Met with widespread popular rejection, the mission of forming a new government proved arduous. Although Diab comes from an academic background, his previous position as minister and his close ties with some of the ruling political parties made him unacceptable in the eyes of the uprising.
Protesters have been calling since October for an independent prime minister to form a transitional government of independent experts from outside the established political parties, who could deal with the crippling economic crisis and prepare for new parliamentary elections.
As negotiations for forming the cabinet ensued, Diab’s popularity sank further. While he presented himself as independent, he was clearly working from within the same old wrestling ring of the ruling class.
A month after his appointment, Diab announced the formation of his cabinet towards the end of January. Composed of 20 ministers, it came with a technocratic flavour that made it seem independent from the outside. Adding to its appeal, especially among the international community, the gender card was played: this is the first cabinet in Lebanon with six women, and the first government in the Arab world with a female defence minister.
Disastrous economic plan
But it wasn’t long before the allegiance of many ministers to the parties previously known as the March 8 Alliance became clear, as photos emerged on social media of some participating in political events for Amal, Hezbollah or the Free Patriotic Movement. The new “techno-shadow” cabinet was quickly dubbed a “one-colour government”, which looks technocratic from afar but is clearly shadowing the same political leaders the revolution erupted against.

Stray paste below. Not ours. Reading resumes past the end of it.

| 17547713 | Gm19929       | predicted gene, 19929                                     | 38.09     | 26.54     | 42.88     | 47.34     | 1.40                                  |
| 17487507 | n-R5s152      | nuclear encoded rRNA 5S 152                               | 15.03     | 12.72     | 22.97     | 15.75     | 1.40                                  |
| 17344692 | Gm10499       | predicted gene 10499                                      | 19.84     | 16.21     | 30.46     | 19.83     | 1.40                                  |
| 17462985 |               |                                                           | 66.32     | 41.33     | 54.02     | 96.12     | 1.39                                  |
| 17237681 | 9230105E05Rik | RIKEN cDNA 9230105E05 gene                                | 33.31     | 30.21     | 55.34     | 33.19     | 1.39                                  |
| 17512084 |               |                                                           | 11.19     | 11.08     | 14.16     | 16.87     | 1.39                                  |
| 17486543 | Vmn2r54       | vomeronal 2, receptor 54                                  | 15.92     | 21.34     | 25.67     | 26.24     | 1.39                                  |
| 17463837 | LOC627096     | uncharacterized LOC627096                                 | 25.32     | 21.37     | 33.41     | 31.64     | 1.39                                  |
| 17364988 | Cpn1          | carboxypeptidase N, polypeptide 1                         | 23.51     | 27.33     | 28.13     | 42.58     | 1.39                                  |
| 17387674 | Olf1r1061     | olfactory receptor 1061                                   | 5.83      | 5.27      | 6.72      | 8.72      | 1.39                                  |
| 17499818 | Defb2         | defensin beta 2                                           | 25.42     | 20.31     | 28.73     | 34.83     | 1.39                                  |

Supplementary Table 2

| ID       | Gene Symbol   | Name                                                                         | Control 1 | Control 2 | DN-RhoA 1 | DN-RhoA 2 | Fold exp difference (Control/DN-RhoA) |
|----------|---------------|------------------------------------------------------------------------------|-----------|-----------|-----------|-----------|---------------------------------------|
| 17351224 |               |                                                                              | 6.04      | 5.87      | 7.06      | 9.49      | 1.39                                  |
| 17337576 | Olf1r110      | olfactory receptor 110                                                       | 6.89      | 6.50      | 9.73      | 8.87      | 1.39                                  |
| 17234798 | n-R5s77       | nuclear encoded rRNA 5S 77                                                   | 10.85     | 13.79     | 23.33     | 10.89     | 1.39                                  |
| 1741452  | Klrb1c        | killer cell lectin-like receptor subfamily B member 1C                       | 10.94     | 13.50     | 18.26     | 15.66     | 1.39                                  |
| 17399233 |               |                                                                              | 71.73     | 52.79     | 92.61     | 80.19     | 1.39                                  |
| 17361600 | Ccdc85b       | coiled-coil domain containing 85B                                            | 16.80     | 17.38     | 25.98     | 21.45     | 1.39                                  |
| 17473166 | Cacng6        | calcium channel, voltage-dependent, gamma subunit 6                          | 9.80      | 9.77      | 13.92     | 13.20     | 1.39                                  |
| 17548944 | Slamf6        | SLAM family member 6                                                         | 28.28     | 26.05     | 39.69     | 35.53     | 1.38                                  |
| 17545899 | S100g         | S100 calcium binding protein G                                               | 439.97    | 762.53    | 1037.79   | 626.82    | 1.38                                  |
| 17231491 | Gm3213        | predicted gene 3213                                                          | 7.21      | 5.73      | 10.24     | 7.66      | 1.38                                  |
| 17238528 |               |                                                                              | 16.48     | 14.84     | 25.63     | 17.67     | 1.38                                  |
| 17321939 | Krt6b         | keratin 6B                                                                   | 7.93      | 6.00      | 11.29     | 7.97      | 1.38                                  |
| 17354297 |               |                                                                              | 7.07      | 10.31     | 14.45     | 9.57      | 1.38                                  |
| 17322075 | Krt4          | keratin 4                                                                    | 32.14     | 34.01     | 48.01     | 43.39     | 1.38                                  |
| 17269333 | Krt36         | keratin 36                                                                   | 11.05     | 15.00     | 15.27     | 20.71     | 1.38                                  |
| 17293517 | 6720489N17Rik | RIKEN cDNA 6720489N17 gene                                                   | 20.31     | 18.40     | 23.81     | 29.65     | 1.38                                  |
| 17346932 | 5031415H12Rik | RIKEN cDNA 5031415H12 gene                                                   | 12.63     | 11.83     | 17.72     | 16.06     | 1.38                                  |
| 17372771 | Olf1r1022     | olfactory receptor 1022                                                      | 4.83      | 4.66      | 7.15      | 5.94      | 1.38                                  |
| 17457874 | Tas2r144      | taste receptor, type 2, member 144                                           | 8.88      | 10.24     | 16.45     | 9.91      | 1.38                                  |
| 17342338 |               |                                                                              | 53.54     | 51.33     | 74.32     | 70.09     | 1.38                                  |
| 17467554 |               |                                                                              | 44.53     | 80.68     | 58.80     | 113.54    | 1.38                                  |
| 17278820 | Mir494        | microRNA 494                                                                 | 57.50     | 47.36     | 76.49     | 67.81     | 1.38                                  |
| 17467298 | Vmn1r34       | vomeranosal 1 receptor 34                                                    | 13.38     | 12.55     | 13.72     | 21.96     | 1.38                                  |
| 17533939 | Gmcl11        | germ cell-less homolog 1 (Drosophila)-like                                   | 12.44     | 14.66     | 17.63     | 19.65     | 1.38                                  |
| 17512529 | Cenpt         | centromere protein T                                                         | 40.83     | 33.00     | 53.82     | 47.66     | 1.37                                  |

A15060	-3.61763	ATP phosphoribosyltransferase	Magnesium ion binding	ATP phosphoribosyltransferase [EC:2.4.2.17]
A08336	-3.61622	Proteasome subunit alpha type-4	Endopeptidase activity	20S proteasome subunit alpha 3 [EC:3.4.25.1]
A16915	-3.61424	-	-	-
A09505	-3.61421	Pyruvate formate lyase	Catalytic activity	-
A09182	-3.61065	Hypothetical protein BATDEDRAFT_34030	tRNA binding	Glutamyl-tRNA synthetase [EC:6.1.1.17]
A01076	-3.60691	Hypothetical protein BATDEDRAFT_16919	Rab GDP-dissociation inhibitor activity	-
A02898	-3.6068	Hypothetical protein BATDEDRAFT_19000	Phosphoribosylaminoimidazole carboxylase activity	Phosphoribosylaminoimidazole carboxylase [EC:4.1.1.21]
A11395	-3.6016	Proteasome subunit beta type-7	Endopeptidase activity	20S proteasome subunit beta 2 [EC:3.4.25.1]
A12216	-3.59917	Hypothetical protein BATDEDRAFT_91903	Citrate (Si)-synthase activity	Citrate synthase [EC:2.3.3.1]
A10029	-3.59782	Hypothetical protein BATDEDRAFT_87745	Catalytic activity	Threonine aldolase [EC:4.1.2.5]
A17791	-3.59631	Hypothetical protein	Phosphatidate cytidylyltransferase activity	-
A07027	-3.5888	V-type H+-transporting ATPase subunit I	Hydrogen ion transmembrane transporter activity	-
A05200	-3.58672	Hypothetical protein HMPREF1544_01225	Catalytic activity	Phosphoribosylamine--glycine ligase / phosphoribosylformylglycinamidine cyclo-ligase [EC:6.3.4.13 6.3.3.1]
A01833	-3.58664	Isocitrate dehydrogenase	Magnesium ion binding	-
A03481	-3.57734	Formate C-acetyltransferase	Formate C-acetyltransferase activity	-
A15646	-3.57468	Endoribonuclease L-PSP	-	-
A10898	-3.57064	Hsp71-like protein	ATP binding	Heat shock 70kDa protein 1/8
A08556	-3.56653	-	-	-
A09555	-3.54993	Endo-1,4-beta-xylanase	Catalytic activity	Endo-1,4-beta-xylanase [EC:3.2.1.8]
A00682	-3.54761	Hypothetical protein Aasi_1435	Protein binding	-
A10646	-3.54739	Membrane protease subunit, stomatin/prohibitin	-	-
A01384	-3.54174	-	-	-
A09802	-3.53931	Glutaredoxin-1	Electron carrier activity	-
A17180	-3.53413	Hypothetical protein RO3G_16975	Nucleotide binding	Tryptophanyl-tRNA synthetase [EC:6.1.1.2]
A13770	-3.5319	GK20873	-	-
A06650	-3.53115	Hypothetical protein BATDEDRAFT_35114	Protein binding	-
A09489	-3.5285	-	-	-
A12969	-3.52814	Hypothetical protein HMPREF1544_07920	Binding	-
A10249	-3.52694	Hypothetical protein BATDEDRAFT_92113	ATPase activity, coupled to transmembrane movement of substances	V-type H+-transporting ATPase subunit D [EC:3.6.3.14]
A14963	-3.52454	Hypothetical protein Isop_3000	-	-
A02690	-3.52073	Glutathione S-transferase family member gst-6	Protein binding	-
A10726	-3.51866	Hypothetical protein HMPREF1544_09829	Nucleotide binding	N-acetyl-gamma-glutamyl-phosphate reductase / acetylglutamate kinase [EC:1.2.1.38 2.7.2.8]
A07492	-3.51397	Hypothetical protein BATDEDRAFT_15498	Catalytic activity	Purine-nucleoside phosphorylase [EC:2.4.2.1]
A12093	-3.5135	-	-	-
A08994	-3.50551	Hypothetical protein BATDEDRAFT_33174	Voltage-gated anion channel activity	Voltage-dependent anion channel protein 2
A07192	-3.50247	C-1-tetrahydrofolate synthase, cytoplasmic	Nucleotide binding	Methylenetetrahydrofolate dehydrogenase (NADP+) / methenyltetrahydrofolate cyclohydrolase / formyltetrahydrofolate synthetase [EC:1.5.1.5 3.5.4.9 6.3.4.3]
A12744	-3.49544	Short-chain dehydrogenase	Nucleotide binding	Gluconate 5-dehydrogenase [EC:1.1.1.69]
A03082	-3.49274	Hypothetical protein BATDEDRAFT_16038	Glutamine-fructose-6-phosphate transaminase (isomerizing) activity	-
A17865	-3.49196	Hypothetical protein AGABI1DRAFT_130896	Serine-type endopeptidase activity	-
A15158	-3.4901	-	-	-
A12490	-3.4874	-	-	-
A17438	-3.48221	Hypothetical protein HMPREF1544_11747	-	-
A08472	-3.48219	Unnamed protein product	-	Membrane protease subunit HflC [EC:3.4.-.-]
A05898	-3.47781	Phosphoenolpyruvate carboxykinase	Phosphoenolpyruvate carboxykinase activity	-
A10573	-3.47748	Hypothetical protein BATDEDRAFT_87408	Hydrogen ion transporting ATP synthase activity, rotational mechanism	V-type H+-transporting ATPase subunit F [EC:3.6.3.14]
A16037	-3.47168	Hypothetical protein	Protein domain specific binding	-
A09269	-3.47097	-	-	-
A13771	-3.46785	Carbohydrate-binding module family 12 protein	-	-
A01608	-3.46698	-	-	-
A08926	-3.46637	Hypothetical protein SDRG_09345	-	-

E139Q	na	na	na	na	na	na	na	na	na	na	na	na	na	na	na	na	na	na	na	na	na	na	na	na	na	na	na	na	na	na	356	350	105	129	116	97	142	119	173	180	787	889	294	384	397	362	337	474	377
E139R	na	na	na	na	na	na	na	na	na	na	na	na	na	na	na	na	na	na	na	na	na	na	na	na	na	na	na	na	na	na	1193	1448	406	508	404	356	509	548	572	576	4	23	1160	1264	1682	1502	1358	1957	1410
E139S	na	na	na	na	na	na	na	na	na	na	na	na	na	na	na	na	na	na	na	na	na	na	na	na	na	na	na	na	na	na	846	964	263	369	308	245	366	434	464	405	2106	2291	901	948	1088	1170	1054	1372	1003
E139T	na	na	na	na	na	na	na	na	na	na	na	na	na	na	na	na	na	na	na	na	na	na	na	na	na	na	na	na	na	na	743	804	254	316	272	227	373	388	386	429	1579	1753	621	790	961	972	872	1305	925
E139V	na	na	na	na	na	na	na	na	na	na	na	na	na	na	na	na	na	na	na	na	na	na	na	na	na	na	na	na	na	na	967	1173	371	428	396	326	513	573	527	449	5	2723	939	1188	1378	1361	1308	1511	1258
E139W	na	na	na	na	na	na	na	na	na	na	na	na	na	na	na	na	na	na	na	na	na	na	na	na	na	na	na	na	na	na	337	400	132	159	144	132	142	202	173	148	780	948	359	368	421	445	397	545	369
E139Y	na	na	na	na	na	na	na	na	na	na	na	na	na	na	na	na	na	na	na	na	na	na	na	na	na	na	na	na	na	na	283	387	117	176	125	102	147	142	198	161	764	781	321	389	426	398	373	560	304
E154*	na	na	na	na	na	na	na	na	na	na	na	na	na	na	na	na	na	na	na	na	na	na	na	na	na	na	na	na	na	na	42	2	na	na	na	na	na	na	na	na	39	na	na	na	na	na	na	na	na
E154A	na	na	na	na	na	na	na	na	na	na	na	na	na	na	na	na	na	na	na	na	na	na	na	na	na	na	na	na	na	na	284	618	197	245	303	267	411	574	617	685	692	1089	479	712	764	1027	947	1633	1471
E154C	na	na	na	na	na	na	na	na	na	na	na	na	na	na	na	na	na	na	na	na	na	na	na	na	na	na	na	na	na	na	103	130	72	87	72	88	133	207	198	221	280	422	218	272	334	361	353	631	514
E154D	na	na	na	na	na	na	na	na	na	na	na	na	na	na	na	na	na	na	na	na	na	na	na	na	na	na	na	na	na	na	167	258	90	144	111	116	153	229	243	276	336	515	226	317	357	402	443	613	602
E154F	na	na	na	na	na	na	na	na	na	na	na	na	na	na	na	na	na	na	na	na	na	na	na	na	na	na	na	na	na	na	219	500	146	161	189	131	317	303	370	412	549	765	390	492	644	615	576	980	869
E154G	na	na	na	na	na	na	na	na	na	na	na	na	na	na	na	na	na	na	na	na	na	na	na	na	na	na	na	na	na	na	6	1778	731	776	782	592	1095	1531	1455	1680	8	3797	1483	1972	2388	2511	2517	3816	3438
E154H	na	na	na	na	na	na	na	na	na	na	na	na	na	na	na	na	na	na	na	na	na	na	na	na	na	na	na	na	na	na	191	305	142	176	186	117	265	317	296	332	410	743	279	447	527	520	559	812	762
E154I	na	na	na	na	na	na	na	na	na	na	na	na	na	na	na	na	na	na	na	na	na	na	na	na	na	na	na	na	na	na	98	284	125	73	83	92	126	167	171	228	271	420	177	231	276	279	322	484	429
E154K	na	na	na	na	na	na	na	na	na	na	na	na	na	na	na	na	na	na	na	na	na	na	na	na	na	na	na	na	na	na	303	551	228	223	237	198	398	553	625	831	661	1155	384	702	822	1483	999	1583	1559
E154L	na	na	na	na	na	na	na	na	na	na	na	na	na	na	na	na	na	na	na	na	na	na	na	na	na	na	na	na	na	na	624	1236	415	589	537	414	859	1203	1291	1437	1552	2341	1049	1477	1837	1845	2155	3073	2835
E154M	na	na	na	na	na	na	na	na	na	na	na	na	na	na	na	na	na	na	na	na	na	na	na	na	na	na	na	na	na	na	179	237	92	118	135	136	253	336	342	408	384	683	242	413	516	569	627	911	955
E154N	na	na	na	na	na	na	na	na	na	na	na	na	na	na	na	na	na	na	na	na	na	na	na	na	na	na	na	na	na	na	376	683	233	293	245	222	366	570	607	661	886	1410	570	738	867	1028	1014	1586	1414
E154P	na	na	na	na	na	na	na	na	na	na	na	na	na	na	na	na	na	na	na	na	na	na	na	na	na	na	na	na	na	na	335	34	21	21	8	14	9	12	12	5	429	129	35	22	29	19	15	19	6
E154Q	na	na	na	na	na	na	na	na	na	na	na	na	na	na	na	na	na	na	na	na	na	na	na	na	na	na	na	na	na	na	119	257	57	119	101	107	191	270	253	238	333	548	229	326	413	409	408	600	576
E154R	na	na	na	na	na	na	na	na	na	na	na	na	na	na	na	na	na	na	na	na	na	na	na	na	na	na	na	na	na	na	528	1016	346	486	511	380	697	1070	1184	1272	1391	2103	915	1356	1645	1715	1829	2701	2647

Announced amid a heavy crackdown on protesters, the new government does not meet the aspirations of the Lebanese people. Not only are its leanings towards the Syrian regime and the old Lebanese security apparatus alarming, but its economic plan to get the country out of the current financial crisis is also disastrous.
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As became obvious during the parliamentary session that approved the now-outdated 2020 budget prepared by the Hariri cabinet, the new government seems to be working to save bankers and oligarchs at the expense of the middle and working classes.
It is no coincidence that the new economy minister is the executive general manager of one of the biggest banks in the country, while the finance minister is one of the few economists in the country opposing capital controls, or a haircut targeting the richest segment of society.
Amid a dire financial situation, with people being humiliated daily at the doors of banks, and with commercial banks comprising the biggest creditors to the state, it is outrageous to have a banker leading the economy ministry.
It is similarly outrageous to install a finance minister who announces immediately upon taking office his plan to get more loans from the International Monetary Fund, as though we have learned nothing from the catastrophic history of neoliberal practices and IMF or World Bank interventions.
Lebanon’s October Revolution can only continue as the economic crisis deepens and repression increases. Through better organisation, the revolution can mature into a serious political alternative to the current regime, proposing new ways of doing politics that prioritise society over profits. Until then, Lebanon’s neoliberal sectarian regime will keep reproducing itself.
Middle East Eye